Of course that begs the question: Does savate possess the drop kick?
Unless you’re a youngster, you’re probably familiar with the numerous books Bruce Tegner published primarily in the 1960s, one of which was a text on savate. Therein, Tegner demonstrated first a jumping drop kick from the standing position and then a leaping sidekick from a moving start. Click on the thumbnail below for a close-up:
So is this a savate technique? If not, from where may it have derived? First, I am skeptical that the drop kick is a technique common in savate. I could easily be mistaken, but I don’t recall seeing the drop kick in either modern boxe francaise or in any classical savate manuals.
So where did it come from? Well, the obvious jumping ability and the high knee chambering does remind the reader of savate. A further reading of the history section of Tegner’s book reveals that he did go to Quebec at the age of fourteen for a year to learn savate from Jean-Claude Gautier. Tegner was born in 1929, so this was during WWII. Tragically, Gautier later died in that war as did so many other French savateurs. In fact, savate instruction was so severely depleted at that time that the art was nearly lost.
While Tegner may have very well learned the drop kick from Gautier, it may instead have been an anachronism. Tegner did not publish his savate book until seventeen years after his early training with Gautier. In the preceding thirty years, wrestling had introduced the drop kick as part of its aerial theatrics. Then once WWII began wrestlers were tasked with much of the hand-to-hand combat training and later published their methods, often including lip service to savate methods (think D’Eliscu, Cosneck, etc.).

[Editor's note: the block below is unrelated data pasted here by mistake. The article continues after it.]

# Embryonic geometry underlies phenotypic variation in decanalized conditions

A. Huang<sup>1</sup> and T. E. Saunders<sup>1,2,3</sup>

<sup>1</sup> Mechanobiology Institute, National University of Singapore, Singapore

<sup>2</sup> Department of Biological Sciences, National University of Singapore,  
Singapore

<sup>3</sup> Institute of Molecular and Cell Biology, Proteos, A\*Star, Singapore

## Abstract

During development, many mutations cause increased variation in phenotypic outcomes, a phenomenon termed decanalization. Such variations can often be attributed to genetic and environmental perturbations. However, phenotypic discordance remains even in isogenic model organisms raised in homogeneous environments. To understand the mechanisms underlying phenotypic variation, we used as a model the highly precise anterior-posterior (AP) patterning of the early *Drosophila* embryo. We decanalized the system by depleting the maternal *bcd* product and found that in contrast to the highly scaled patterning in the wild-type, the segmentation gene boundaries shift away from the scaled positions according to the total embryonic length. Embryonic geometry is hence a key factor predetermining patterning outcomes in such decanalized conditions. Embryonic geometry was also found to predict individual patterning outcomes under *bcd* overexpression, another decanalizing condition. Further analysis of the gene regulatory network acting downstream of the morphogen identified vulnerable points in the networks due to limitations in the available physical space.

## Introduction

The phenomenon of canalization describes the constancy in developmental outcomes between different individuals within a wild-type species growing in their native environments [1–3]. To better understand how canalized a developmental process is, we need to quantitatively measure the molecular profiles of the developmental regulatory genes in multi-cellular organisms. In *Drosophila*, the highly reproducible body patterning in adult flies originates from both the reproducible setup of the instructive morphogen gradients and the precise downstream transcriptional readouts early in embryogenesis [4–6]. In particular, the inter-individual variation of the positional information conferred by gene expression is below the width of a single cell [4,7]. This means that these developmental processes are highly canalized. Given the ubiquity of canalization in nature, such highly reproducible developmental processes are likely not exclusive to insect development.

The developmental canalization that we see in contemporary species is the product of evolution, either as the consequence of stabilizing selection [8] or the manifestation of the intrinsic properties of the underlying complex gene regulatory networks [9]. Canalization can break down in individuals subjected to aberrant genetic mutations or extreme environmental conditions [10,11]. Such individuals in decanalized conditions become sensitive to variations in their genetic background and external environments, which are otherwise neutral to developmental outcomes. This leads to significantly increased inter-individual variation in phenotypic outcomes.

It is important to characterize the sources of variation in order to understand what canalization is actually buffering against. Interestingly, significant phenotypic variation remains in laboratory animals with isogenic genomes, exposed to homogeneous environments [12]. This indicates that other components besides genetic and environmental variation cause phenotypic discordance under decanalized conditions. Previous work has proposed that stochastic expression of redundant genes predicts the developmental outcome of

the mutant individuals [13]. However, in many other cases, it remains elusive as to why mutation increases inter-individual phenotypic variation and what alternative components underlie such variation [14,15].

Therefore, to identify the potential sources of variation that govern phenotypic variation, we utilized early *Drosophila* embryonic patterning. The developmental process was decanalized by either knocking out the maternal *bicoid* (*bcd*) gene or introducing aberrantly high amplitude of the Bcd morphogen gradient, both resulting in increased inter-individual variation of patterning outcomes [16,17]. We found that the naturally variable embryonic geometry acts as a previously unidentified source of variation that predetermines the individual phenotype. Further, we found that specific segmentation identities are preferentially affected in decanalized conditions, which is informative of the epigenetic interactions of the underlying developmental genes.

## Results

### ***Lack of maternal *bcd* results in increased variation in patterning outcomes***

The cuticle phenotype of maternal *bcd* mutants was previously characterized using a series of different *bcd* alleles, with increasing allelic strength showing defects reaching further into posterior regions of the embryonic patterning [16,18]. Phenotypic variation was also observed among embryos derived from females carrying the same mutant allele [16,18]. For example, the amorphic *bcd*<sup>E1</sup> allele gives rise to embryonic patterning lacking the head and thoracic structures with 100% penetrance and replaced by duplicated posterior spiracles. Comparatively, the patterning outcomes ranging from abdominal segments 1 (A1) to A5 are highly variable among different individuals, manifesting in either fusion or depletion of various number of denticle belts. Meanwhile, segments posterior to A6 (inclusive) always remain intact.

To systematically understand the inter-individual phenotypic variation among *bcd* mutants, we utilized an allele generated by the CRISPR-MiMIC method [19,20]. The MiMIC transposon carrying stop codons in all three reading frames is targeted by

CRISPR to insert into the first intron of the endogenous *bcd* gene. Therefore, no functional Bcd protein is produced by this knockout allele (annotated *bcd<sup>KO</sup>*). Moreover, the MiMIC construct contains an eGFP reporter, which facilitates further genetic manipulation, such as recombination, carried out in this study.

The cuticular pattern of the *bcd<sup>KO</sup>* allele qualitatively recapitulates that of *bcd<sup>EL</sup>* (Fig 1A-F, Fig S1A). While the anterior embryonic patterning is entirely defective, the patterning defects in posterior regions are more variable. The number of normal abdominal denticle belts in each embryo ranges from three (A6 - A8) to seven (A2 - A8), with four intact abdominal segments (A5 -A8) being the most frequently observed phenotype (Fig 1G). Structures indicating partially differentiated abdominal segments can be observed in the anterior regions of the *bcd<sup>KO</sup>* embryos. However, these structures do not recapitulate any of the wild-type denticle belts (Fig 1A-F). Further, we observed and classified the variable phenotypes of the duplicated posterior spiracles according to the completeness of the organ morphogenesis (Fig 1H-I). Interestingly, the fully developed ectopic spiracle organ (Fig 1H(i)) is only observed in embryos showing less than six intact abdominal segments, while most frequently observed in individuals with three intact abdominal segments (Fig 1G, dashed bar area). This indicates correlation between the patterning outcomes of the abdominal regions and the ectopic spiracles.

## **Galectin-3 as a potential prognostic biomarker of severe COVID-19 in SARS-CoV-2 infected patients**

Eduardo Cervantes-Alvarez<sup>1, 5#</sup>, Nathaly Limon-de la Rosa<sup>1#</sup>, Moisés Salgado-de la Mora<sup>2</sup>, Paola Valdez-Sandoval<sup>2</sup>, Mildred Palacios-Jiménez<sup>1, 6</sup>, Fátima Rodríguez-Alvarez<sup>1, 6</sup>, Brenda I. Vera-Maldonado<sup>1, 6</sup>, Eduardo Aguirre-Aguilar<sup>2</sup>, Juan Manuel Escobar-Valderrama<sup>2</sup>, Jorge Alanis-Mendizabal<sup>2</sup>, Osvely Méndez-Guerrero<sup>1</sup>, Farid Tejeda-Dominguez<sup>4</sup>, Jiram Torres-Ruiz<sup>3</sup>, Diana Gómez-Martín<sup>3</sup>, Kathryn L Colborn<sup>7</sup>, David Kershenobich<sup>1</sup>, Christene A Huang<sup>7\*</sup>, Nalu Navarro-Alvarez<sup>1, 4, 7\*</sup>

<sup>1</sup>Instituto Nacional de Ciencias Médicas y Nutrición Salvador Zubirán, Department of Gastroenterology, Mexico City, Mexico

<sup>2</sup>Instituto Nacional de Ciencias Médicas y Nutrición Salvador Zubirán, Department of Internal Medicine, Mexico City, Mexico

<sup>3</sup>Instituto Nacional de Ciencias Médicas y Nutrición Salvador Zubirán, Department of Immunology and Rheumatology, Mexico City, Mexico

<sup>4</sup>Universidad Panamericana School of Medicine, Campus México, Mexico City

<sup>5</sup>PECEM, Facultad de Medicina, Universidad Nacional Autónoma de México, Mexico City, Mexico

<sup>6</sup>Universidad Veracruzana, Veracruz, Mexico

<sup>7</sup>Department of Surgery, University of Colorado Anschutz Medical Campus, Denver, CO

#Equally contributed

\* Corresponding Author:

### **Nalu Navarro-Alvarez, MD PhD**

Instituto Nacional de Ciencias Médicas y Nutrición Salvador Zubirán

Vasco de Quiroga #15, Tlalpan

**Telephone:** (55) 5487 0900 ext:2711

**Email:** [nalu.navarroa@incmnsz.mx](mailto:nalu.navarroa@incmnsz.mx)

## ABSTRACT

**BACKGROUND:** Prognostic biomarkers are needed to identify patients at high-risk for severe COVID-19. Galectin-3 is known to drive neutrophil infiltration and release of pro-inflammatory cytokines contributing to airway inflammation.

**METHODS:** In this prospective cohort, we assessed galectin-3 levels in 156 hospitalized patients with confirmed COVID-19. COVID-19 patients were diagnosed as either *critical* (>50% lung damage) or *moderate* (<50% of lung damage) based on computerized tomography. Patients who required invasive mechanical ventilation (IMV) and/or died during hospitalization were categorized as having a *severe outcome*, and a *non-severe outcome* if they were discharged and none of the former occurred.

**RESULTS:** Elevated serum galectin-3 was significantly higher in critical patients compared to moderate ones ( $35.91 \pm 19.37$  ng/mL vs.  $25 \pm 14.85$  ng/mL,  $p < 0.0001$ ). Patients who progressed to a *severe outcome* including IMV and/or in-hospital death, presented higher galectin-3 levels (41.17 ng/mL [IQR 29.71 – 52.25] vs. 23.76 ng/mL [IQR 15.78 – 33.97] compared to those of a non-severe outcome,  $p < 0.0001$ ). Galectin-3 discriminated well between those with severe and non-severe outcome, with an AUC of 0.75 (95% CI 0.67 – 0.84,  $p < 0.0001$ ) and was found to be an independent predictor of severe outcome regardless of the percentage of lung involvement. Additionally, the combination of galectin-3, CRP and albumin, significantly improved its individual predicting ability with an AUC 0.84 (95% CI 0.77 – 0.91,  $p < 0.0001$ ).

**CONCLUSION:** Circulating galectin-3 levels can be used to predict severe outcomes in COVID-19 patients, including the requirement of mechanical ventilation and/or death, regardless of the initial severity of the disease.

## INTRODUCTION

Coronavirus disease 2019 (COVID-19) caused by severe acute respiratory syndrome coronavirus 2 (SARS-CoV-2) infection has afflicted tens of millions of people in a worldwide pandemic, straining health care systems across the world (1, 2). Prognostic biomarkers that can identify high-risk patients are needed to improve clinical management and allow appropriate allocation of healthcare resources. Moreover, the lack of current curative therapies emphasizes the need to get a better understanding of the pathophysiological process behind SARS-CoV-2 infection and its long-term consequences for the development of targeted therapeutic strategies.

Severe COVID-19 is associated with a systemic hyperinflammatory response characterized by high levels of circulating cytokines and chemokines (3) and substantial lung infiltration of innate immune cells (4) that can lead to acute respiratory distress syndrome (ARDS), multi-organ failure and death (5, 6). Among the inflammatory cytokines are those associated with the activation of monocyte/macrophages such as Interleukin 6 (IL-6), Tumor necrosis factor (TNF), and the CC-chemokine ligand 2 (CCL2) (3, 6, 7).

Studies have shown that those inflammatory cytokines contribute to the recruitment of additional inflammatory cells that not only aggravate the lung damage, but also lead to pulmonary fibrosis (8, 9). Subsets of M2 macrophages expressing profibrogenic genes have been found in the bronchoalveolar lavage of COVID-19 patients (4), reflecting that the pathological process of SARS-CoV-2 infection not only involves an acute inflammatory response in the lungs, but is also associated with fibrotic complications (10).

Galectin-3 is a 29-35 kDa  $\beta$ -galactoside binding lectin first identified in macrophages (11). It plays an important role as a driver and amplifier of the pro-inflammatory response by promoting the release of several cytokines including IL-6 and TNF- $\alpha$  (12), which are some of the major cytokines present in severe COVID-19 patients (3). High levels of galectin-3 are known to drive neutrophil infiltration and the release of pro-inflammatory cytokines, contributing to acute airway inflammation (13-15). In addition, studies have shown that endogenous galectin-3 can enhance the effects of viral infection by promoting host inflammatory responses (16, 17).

“Jumping Joe” Savoldi had begun using the drop kick in the squared circle as early as 1933 and took credit for its invention. Likewise, wrestler Abe Coleman claims he invented the drop kick after seeing kangaroos on a visit to Australia in 1930. Either way, the method was firmly established well before Tegner went to Canada to learn savate.
In 1934, the press made a to-do over an anonymous wrestler complaining about Savoldi’s use of the drop kick. (Washington Post, Jan. 30, 1934). This was likely Jim Londos complaining before his January 31, 1934 rematch with Savoldi. Savoldi won the rematch after previously double-crossing Londos earlier in 1933, although in the meantime Savoldi had lost the title to Jim Browning.
But back to the relevant point: in 1934, the press referred to the drop kick as the “American savate,” giving initial credence to the idea that the drop kick may have been a technique introduced to wrestling from savate, but I think that also is a red herring. My take is that the term savate was just being used as a generic term for a foot technique in the article because of savate’s strong association with kicking techniques. I don’t believe the term was used to indicate an actual connection to savate.
Therefore, I conclude that Tegner’s use of the drop kick was idiosyncratic and not a widespread technique commonly used in savate. I suspect that instead the drop kick was incorporated at some point from the influence of wrestling. I’d love to be proven wrong, though, so if any of you savateurs can set me straight, don’t hesitate to speak up!